The City on the Water is not just one of the most popular cruise ports in the world but one of its most celebrated cities, offering an atmosphere all of its own and some truly unforgettable landmarks and experiences to enjoy.
6 hours in… Venice
If you’re in Venice for the day, you won’t have time to do everything, so it’s important to prioritise. As far as landmarks and attractions go, the biggest concentration can be found in and around St Mark’s Square, while a gondola ride is also a must.
Napoleon famously called it “the drawing room of Europe” and it’s not difficult to see why. It’s a fantastic place to be, brimming with atmosphere and also the place to go to explore both St Mark’s Basilica and the Doge’s Palace. Queues are always lengthy, so to make the most of your time, book a shore excursion or book ahead to jump the line. Even then, if you want to enjoy a gondola ride and a quick bite too, there’s really only time to explore one of them in-depth. If you love religious architecture and history the basilica’s a must, while if equally compelling architecture with a fascinating dose of political intrigue is more to your liking, don’t miss the palace.
If you’re visiting Venice again and have yet to visit one of the above attractions, be sure to make that a priority. Aside from that, the celebrated square is also home to the Campanile, a lofty tower which offers the ultimate view, but also lengthy queues, so again book tickets early.
Elsewhere in the city, culture-vultures shouldn’t miss Teatro La Fenice, which is Venice’s most celebrated opera house and home to some beautiful, faithfully restored interiors. If you enjoy opera, this is the place to watch one. Amazingly, Venice consists of 118 different islands and if you’re visiting again, Murano and Burano are the two most popular. Murano is the most popular, best known of course for its famous export, the glass of the same name. There are numerous shops selling all manner of glass goods and it’s also possible to watch a glass-blowing display at the factory/museum. A welcome escape from the tourist hustle bustle, Burano is all pastel-coloured houses and offers a glimpse of the Venice of old with its lace-making heritage and traditional restaurants.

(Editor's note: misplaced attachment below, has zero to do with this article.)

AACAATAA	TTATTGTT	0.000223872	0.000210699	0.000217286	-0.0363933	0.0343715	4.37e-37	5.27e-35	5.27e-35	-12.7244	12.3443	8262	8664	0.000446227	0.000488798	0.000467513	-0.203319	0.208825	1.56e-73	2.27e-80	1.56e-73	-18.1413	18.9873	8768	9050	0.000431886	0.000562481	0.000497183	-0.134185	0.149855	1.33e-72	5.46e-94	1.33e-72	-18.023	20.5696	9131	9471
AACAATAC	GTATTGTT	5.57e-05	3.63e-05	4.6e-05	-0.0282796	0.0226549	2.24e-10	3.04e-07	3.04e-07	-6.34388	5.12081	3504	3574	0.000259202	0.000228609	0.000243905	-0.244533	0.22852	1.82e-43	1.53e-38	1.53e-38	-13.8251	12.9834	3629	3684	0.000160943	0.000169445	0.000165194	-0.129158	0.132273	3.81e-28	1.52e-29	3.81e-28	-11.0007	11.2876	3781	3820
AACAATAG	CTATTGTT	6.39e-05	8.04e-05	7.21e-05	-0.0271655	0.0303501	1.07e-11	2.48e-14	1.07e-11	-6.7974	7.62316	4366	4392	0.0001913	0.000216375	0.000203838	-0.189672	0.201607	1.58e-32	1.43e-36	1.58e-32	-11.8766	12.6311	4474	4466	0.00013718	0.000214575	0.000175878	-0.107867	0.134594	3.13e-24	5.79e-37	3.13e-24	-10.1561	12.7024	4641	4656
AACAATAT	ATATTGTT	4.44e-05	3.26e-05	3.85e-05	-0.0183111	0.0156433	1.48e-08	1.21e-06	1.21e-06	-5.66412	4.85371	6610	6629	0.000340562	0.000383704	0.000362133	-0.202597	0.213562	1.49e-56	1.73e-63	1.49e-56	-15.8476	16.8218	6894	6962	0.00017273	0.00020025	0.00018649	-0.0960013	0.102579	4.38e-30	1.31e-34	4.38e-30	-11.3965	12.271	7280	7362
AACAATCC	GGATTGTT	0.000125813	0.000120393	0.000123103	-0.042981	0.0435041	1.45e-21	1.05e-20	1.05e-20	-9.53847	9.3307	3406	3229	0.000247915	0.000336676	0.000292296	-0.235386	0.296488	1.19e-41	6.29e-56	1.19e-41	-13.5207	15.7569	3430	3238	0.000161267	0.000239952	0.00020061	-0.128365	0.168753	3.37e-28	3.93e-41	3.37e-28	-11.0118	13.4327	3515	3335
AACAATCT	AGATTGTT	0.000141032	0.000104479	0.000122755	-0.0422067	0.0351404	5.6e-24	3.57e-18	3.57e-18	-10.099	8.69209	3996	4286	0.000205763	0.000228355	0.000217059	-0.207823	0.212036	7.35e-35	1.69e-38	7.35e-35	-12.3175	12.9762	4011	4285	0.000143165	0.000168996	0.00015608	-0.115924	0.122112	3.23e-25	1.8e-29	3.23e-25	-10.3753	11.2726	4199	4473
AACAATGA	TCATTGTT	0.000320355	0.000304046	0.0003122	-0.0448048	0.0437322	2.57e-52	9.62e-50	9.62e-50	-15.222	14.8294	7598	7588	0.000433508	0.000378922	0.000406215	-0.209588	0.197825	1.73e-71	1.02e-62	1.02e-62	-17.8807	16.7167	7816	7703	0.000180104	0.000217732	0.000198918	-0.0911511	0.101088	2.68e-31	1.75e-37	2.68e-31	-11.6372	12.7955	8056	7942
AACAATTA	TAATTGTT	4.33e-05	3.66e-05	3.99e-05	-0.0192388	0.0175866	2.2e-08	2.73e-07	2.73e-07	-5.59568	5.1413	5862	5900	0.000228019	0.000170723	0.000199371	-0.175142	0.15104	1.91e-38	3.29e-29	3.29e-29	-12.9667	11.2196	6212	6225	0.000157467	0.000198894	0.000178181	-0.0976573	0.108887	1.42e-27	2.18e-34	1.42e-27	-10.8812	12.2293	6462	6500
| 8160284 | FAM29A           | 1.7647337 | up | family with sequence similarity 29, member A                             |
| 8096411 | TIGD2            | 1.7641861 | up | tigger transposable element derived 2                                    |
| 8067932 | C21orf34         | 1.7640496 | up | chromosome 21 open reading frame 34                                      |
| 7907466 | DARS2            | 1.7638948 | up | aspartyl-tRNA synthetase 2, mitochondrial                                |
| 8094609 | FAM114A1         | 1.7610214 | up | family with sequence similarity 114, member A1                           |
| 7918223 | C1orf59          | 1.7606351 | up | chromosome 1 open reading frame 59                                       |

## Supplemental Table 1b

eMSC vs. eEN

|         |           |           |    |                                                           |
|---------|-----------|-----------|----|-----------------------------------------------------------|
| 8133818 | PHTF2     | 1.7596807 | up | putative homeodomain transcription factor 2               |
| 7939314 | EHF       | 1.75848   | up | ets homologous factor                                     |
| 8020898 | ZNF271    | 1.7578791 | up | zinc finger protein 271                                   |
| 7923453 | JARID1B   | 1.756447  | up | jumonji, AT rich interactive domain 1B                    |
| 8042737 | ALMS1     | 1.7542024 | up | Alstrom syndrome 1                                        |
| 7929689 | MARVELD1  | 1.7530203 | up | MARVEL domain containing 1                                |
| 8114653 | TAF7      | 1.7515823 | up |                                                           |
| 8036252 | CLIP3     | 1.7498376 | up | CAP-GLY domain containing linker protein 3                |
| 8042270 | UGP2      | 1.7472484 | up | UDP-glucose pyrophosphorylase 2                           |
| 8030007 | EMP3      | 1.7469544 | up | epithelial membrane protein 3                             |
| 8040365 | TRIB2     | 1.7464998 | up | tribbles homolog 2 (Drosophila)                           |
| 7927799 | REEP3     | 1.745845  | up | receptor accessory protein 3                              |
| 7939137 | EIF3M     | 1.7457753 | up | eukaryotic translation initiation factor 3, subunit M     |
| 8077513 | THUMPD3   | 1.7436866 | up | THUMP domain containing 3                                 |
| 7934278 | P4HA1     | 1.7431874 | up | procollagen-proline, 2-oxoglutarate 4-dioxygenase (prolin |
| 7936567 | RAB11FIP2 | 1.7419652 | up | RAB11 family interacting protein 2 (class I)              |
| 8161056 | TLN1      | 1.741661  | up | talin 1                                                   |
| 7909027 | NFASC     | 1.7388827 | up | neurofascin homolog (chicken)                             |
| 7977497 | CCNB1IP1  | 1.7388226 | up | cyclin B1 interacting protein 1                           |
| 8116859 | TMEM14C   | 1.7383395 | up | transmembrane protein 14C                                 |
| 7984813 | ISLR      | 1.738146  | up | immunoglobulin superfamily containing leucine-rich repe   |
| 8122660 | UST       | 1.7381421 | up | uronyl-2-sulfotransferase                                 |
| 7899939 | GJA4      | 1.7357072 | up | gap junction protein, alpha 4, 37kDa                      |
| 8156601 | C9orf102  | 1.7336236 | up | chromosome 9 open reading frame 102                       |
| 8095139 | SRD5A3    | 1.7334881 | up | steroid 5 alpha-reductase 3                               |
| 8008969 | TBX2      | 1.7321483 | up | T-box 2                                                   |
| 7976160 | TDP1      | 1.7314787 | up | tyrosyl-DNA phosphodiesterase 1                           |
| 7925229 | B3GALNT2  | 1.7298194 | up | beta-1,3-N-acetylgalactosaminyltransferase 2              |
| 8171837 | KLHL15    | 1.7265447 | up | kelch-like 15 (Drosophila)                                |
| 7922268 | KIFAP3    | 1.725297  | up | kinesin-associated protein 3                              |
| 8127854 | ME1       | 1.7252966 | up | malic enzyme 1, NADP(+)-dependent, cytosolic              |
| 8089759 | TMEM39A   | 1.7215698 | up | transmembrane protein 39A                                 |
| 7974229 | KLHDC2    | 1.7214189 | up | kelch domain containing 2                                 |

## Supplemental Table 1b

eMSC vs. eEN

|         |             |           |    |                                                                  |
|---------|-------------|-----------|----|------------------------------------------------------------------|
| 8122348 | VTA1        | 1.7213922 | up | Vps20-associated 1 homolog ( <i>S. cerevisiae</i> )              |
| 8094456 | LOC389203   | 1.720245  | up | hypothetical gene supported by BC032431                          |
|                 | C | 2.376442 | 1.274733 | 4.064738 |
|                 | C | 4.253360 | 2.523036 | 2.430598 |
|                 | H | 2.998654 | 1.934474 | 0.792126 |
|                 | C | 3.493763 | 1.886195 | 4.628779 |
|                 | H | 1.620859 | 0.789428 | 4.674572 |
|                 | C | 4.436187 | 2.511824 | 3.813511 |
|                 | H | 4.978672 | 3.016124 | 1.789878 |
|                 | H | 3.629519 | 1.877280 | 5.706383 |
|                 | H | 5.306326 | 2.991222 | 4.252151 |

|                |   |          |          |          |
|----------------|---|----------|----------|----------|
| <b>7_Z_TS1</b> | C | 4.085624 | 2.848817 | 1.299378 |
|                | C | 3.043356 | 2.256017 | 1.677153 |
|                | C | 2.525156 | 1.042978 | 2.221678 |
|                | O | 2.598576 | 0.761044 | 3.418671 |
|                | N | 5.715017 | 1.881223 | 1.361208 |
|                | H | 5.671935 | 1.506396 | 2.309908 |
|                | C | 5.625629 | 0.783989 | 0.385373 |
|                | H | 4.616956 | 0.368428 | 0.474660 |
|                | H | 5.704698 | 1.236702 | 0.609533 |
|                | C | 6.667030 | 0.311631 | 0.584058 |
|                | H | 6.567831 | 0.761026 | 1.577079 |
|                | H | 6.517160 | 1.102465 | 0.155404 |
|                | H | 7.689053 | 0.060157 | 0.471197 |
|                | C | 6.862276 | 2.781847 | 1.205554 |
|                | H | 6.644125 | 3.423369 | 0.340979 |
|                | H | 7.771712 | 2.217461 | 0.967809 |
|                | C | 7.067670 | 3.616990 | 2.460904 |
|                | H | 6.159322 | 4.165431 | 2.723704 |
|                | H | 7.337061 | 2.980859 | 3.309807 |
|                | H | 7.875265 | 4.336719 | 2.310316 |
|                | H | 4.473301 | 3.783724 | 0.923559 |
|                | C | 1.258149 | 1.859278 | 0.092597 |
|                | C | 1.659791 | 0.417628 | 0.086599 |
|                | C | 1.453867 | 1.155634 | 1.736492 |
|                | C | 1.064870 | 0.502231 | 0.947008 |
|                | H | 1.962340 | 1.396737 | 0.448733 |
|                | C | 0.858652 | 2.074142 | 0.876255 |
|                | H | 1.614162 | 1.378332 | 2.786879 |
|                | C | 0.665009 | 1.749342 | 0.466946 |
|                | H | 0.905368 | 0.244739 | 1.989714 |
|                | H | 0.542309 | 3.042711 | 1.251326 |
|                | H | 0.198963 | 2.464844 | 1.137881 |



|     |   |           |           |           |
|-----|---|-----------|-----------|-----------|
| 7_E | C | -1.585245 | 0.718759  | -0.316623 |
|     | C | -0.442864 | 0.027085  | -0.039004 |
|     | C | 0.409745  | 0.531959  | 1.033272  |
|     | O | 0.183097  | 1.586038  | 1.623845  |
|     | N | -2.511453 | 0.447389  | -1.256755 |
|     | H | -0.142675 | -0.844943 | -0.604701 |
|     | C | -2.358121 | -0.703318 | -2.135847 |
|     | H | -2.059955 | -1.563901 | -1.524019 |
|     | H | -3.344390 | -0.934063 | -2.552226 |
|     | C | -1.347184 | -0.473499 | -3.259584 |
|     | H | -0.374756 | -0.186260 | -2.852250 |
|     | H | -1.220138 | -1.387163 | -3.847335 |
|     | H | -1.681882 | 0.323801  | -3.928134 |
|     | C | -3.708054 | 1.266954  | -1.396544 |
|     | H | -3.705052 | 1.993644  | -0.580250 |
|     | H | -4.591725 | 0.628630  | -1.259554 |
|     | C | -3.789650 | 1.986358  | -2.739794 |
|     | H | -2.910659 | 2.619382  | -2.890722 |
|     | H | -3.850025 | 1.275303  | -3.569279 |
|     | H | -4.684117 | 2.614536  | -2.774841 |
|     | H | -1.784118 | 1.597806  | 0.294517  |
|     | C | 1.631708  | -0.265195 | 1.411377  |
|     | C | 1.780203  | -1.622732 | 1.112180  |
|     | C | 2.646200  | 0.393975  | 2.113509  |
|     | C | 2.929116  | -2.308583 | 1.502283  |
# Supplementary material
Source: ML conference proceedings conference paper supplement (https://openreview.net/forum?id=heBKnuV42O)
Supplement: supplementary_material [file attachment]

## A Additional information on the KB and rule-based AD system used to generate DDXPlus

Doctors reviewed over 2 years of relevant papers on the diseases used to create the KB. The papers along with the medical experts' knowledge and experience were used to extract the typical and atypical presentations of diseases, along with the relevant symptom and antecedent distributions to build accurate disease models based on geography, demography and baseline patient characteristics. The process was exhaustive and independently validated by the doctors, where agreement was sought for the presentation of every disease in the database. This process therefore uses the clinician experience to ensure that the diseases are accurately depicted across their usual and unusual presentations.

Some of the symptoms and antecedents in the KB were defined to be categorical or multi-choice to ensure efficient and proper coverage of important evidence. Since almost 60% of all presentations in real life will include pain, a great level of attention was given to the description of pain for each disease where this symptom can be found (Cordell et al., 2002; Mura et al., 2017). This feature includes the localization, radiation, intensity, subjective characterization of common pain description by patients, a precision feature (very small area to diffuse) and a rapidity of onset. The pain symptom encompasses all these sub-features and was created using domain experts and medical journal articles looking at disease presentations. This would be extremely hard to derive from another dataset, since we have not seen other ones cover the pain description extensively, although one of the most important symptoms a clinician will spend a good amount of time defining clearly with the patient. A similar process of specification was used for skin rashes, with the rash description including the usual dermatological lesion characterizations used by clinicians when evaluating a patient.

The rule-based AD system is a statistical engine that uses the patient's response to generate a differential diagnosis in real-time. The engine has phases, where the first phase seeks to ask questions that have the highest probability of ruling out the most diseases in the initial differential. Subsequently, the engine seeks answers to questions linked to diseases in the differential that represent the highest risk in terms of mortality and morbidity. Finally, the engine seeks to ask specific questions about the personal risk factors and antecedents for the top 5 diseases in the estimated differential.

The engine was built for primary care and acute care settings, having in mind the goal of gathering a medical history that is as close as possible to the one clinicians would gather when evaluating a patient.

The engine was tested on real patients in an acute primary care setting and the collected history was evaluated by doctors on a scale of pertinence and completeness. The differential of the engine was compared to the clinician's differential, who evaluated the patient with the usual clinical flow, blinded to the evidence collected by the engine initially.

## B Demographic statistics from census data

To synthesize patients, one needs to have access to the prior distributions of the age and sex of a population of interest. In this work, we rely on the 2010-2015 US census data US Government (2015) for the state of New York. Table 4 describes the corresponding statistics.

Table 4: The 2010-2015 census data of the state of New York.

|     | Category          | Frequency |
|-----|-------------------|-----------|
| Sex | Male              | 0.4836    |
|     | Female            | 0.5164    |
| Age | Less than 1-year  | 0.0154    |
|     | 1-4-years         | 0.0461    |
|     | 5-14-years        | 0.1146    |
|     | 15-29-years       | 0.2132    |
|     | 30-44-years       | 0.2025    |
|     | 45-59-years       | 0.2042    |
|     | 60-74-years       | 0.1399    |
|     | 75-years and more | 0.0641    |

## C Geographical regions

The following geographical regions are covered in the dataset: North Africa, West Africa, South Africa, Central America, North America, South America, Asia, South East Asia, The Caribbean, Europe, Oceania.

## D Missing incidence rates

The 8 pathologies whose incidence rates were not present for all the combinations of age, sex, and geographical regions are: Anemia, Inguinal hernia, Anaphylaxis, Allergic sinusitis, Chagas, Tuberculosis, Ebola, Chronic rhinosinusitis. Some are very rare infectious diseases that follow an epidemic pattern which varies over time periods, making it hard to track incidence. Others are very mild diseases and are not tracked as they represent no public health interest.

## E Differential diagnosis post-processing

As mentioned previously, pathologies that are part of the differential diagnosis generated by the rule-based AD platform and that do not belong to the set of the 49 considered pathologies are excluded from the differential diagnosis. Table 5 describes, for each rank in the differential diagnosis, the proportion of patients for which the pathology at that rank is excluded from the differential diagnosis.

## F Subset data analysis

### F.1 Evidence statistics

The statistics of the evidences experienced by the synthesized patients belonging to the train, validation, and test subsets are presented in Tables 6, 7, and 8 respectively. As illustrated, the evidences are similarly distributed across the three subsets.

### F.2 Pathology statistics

Can’t keep away?
If you’re a return visitor but still haven’t visited both Murano and Burano, make sure you do. Aside from that, there are plenty of other islands to discover. Torcello is a beautiful leafy escape which is actually a nature reserve, as well as being home to the beautiful 7th century Cathedral of Santa Maria Dell’Assunta. Sant’Erasmo Island is perfect for those who like to ramble and twitchers too and is also home to a 19th century fort.
Back in the city itself, you’ll never run out of shops and boutiques to browse and if you explore some of the smaller alleyways off the tourist trail, you’ll discover more than gondola fridge magnets and Venetian masks. Libreria Acqua Alta is one such gem, and can be found in the Castello district. It’s a quirky bookshop which features thousands of books stacked and stored everywhere including in old gondolas and there’s even a stairway made of books! Venice’s Jewish Ghetto is also a fascinating place to spend time. It’s the historical and present-day home of the city’s Jewish community and was made famous by Shakespeare’s Merchant of Venice. Aside from the Jewish Museum, don’t miss the chance to try some top-class kosher cuisine and enjoy a little time off the beaten tourist trail.
Don’t even bother!
The Gondola ride is of course the iconic Venice experience and don’t worry, we’re not telling you to avoid one! What you should do however, is avoid booking a gondola ride which begins on the Grand Canal itself, as you’ll pay more than you will booking one that starts its journey on one of the city’s smaller waterways.
A coffee on St Mark’s Square is notoriously expensive and you’ll pay a premium just for the honour of it! Food is even more costly, so be sure to take a seat at one of the numerous cafes just a short distance from the square or buy coffee or pizza on the go.